They began with the Halloween thing more recently, and wanted to pull off a digital marketing stunt that would pique public interest and drive more foot traffic to the park. To do this, they were toying with the question how to make a traditional “boo!” kind of scare go digital.
Together with DDB, we began to flesh out an idea: to scare the lights out of people when they’re reading (what they think is) a normal web article and have a terrifying face/scream pop up out of nowhere.
To do the idea any justice, the execution had to be perfect. We completely cleared our schedules to make this thing come aaaalive.
In the process, we learned that scaring someone in the digital realm shares the same principles as in the real world.
How to scare someone
1. Find a great hiding place
The more unsuspecting your target is, the better.
In this case the hiding place would be in the webpages of Nöjesbladet, Sweden’s largest entertainment website.
We worked extensively with Nöjesbladet’s technical team to embed the scare-code on every article that appeared on their front page. All that was needed to trigger it was the addition of a few characters at the end of article’s URL. We covered our footprints well.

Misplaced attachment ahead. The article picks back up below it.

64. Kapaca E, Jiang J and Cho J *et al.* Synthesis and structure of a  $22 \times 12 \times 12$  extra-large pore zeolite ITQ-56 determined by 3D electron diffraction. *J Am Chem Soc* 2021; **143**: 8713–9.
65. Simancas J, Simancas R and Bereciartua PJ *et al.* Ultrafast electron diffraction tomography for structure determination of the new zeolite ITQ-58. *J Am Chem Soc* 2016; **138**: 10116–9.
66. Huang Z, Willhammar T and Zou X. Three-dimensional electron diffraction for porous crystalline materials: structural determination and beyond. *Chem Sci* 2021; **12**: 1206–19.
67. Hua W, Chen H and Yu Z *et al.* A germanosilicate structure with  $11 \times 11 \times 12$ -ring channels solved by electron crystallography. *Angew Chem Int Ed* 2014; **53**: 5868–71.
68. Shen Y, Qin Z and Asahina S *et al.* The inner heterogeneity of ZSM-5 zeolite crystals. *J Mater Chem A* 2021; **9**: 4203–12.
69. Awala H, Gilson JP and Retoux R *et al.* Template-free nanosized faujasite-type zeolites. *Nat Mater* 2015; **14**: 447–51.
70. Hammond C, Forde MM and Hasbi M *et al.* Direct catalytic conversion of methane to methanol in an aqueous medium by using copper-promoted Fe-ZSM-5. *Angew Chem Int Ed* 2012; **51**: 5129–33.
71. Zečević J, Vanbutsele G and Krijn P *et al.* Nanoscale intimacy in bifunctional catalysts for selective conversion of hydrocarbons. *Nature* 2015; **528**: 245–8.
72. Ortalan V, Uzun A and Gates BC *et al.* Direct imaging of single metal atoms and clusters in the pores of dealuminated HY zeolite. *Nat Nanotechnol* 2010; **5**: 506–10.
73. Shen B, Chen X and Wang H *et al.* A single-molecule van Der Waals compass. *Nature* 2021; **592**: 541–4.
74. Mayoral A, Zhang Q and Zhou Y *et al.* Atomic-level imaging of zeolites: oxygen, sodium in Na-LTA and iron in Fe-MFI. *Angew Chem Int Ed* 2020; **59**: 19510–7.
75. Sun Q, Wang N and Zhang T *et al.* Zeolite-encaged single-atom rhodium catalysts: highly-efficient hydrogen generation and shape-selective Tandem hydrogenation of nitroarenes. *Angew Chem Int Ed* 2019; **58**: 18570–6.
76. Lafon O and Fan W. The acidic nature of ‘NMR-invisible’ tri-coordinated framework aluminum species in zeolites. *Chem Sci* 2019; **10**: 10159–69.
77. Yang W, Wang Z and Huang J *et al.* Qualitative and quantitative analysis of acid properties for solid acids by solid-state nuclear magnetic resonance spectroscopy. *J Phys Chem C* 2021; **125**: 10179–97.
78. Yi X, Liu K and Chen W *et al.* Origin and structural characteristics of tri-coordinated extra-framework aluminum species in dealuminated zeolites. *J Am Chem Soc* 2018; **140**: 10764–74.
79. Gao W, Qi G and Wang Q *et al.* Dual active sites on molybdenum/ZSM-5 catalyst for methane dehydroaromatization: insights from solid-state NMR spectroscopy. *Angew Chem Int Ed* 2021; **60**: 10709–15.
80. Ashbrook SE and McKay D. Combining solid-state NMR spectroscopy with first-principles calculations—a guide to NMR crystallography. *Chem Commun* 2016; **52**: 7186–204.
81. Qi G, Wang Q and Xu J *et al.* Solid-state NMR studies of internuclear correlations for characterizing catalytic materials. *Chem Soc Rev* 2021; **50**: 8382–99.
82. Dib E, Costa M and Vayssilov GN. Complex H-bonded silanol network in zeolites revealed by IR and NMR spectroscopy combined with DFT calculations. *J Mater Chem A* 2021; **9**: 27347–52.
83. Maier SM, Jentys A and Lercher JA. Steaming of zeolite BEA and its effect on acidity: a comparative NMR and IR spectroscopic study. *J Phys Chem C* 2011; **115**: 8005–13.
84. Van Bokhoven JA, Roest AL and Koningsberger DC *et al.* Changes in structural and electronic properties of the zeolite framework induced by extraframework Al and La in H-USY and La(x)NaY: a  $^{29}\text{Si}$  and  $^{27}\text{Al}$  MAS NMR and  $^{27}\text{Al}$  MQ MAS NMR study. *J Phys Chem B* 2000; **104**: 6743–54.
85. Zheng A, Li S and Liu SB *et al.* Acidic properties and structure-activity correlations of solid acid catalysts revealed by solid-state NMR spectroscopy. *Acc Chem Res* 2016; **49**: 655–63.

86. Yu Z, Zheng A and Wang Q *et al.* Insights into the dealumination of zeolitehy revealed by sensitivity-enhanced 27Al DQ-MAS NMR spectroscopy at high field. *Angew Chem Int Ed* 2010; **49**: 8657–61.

The best bit was the screen override would happen when the viewer scrolled halfway down, so they’d be distracted by reading when AAHHH THE HORROR!
2. Don’t give yourself away early
The loading had to be just right. The video clip and the audio had to come at precisely the same time – one couldn’t come before the other. Not even a millisecond of a glitch.
When working across multiple different browsers and devices, getting this perfect took some doing.
The video was too heavy on bandwidth so to speed up the loading time, we divided the video into an image sequence and removed a few frames. This also solved the problem of display on smartphones so users wouldn’t need to press “play” to show the video.
3. Look scary. Sound scary. Be scary.
Go all out.
The video DDB/Liseberg supplied us was perfect – a very creepy joker man accompanied by a blood-curdling scream. Surprising and scary, but not overly grotesque. For the days we were working on this project, the office resounded with shrieks around every 5 minutes.
This prank-PR turned out to be a huge hit. Ten thousand scares were recorded in the first 48 hours. And by the end, 200,000 people had visited – twice more than expected. DDB & Fully even shared a prize for it, winning the Bronze Guldnyckeln.